Did you know that poor planning can actually lead to ministry burnout, conflict, and a failing ministry? Planning is more than just a calendar.
My first two years in youth ministry and my experience in planning for the ministry left a lot to be desired. As I moved from being an intern to leading the program on my own, I quickly learned to just fill in the blanks of a calendar with events that had been done in previous months/years.
Our monthly leadership meetings were basically an hour of me sitting at a table with parents and a couple teens from our group, looking at the calendars I had planned and telling them what we would be doing. Parents were not asked for their thoughts and teens never really gave any feedback (mostly because they weren’t given the option).
I left that position convinced that I would never do full-time ministry again. And looking back, I think a lot of that thinking had to do with how those “planning meetings” were handled (or not handled).
I was doing all the work on my own and it had caused rapid burnout within my soul. I was tired.
When it comes to planning, both long-term and short-term, it really just takes a little bit of time and creativity and a LOT of open discussion with your volunteers, teens and parents.
Planning In An Established Ministry
It can be intimidating to think a year in advance. It can be really intimidating to think two or three…or even five years ahead.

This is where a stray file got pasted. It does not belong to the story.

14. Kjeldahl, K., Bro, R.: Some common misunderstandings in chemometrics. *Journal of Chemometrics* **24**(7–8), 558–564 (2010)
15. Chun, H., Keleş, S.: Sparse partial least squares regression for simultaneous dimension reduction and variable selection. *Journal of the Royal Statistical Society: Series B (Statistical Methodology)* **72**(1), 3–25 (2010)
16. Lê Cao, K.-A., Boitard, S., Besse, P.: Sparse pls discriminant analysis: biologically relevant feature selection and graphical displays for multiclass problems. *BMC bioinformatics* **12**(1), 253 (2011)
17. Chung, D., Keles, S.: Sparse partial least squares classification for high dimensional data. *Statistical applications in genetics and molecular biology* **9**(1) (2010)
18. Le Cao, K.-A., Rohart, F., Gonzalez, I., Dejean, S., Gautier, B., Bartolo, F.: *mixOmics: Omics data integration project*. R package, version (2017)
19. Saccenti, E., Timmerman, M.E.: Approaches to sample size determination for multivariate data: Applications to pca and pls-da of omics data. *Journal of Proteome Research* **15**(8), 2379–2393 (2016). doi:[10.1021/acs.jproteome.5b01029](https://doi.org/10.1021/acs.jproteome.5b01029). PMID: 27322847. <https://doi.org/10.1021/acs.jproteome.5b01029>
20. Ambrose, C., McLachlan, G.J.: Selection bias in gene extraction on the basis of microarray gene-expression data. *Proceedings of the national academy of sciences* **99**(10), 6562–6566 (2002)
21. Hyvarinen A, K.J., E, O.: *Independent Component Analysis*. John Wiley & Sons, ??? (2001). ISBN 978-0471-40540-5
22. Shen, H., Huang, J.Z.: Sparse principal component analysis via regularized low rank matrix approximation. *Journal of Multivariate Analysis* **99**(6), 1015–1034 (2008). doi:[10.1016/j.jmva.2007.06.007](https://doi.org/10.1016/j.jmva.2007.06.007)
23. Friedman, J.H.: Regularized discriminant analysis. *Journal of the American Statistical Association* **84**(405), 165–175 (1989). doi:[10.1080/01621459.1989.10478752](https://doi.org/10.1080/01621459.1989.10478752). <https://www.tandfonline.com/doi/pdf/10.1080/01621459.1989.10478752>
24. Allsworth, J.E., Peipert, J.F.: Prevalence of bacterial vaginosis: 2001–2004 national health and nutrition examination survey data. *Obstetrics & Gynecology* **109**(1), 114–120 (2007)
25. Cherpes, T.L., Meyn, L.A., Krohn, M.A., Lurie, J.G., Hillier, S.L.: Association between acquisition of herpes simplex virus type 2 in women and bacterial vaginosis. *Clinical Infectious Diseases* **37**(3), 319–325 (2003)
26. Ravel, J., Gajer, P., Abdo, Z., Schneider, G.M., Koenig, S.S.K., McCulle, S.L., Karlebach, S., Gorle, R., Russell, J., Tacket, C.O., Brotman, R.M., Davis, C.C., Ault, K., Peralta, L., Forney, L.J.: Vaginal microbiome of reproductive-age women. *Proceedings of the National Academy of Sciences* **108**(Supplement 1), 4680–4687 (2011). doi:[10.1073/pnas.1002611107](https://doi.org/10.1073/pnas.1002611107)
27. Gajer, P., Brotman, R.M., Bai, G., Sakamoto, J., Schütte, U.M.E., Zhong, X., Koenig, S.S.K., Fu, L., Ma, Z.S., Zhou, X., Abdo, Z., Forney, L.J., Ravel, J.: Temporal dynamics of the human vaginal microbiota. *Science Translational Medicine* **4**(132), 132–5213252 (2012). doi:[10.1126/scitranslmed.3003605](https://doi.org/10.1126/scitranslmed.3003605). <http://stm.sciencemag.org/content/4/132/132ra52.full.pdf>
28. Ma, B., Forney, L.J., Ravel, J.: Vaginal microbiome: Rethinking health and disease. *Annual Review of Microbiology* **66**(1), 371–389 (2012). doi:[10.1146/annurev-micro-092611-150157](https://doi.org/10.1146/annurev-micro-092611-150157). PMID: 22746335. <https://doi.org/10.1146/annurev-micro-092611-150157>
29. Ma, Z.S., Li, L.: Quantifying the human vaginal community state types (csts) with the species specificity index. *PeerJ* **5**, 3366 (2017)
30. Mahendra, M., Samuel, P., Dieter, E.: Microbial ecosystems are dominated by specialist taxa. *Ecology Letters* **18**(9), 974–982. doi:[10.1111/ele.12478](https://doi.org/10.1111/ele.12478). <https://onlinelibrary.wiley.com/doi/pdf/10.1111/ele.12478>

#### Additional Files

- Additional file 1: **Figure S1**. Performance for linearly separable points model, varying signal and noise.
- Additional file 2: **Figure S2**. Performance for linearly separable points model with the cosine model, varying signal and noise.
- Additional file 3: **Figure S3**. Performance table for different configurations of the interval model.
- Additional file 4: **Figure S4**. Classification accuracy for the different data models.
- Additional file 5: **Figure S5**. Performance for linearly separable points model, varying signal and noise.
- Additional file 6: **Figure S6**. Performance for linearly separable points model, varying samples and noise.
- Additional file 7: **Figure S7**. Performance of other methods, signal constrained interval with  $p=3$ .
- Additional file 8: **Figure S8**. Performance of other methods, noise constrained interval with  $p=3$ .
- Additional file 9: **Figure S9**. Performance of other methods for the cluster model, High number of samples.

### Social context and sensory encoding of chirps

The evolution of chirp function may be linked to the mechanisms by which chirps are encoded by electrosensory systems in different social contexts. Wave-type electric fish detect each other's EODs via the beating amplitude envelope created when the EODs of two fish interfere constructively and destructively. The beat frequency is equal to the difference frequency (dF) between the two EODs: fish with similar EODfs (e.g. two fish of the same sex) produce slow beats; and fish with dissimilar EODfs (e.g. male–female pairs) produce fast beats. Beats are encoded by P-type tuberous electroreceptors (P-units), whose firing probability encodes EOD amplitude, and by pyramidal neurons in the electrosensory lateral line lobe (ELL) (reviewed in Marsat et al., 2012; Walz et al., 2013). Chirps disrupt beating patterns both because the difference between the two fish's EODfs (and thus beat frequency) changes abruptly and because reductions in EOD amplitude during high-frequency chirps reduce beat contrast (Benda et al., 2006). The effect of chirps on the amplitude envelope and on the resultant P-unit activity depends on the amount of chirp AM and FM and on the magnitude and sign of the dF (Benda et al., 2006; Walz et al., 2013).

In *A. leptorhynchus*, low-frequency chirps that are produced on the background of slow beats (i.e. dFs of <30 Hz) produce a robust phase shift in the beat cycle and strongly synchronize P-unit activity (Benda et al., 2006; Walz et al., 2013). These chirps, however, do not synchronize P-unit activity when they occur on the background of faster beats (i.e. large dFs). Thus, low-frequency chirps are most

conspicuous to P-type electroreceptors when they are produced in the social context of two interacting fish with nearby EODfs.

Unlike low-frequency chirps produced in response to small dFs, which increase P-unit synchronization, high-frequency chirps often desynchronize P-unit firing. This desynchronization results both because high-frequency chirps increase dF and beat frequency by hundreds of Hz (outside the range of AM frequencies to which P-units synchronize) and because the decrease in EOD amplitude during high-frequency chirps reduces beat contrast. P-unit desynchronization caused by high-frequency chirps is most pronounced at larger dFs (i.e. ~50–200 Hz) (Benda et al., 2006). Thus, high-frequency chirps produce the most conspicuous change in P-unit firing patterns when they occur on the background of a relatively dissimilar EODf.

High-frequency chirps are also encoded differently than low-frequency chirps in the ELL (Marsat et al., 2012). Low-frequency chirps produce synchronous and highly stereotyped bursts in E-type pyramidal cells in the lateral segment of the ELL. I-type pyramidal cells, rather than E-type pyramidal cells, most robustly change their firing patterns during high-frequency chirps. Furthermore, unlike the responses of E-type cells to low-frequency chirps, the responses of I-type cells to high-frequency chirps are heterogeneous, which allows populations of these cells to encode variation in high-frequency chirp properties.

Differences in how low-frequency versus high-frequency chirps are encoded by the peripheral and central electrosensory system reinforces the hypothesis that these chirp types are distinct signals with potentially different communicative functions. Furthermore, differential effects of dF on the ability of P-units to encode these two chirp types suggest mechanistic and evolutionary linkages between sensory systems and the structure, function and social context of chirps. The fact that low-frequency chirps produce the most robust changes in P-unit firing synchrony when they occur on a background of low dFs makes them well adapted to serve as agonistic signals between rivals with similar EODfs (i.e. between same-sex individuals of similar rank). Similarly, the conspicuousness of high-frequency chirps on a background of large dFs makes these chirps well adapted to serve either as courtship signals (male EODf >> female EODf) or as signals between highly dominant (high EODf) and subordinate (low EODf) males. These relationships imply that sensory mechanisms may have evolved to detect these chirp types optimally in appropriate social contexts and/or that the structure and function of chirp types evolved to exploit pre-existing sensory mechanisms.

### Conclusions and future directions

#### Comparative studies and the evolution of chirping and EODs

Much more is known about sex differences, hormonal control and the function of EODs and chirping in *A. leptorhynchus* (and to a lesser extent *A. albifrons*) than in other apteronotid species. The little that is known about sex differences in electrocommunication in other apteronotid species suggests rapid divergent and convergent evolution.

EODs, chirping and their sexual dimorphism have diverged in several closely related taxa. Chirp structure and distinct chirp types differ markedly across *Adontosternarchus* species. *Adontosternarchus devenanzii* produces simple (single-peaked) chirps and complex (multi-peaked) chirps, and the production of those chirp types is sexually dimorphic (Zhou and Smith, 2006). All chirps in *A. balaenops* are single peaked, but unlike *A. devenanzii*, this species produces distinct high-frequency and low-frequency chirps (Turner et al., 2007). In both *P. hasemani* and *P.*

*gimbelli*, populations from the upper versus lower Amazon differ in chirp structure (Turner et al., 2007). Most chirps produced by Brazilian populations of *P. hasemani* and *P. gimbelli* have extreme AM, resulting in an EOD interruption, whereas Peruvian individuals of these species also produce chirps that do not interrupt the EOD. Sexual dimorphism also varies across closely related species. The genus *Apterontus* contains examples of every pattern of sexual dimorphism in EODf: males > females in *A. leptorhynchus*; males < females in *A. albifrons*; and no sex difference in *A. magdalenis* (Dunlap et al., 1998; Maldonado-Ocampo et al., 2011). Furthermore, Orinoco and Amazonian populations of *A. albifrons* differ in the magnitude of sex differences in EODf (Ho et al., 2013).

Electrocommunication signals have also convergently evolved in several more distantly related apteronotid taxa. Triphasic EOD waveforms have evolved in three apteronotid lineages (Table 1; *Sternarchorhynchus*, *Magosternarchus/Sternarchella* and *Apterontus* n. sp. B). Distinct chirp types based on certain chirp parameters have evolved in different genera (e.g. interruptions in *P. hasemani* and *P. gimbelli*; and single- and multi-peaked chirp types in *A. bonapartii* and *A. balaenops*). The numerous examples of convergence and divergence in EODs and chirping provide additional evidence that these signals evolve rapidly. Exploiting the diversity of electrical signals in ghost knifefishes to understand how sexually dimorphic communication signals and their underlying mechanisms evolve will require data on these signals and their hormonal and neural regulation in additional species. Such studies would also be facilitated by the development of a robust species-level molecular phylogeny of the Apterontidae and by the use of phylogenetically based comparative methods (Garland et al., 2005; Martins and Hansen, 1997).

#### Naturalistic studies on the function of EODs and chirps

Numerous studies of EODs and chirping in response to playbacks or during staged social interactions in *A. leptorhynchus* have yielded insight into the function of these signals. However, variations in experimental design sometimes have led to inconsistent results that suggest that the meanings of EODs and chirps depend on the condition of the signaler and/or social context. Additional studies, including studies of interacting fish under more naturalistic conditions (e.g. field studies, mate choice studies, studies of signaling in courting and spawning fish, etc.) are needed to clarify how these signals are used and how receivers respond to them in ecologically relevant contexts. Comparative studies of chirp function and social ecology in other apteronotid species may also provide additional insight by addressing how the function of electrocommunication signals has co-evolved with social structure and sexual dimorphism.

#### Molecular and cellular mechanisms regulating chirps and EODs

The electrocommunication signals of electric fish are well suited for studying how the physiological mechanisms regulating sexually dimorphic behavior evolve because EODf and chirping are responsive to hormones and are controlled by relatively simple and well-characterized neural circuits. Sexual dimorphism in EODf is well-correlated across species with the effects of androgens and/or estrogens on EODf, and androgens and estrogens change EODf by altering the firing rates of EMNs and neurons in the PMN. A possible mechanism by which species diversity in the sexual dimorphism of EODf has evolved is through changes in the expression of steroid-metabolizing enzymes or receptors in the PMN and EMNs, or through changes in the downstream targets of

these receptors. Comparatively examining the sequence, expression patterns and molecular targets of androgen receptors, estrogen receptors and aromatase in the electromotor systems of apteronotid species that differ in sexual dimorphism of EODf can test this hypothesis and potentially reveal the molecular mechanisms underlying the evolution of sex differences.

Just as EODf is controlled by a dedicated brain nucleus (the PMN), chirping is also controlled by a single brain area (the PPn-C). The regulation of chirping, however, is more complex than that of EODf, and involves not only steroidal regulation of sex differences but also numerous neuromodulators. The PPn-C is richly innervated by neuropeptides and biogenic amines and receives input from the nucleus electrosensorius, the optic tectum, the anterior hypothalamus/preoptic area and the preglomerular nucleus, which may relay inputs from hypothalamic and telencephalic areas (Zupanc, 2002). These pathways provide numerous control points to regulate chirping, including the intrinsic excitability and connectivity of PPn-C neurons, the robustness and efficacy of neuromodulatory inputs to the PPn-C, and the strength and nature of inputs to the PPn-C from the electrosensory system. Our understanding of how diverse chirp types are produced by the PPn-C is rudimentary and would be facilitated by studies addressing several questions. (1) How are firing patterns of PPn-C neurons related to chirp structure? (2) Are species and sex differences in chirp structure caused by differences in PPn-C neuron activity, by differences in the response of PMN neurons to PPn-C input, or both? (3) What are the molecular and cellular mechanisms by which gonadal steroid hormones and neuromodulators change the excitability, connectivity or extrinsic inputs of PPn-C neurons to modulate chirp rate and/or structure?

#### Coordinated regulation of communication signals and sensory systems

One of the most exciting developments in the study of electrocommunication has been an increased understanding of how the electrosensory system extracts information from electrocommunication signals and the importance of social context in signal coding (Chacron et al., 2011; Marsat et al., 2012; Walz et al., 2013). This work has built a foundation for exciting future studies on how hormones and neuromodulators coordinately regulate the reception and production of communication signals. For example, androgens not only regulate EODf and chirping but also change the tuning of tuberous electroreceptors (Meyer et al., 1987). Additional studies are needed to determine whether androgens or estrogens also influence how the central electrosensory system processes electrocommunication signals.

The first thing you’ll want to do, though, is talk with the teens, the volunteers, and parents involved with the ministry. Let them voice their concerns, desires, and wishes for the ministry. But also let this be a time when the mission and vision of the ministry are discussed.
Does the current calendar help further the mission/vision?
Are there any ways the mission or vision needs to change?
Allow their voices to help you build the ministry.
If you’re new to a position, entering an established ministry, you may want to take care when planning events. It can be best to take it slow when introducing new programs or events. Chances are there are some traditional events that teens (and leaders) have grown attached to.
Talk with teens and leaders within the program to get a better understanding of what they are used to doing. And for a while, maybe keep doing those things – especially if those programs and events have been done for several years.
Planning For A Newly Developed Ministry
If you are new to a position, faced with building a program from the ground up, you may have a little more leeway in planning new events.
When I entered my current position, I had almost total freedom in planning our monthly calendars! The teens and parents were just glad to have a regular program again.
While there was an established schedule for weekly youth group meetings, we had a blank slate for planning. It was exciting to have that freedom – but it was also very intimidating. Working with the teens and parents eased the intimidation and created excitement about what we were establishing.
Learning to accept the help and feedback of those involved in the ministry is crucial. Planning should not be done in a bubble.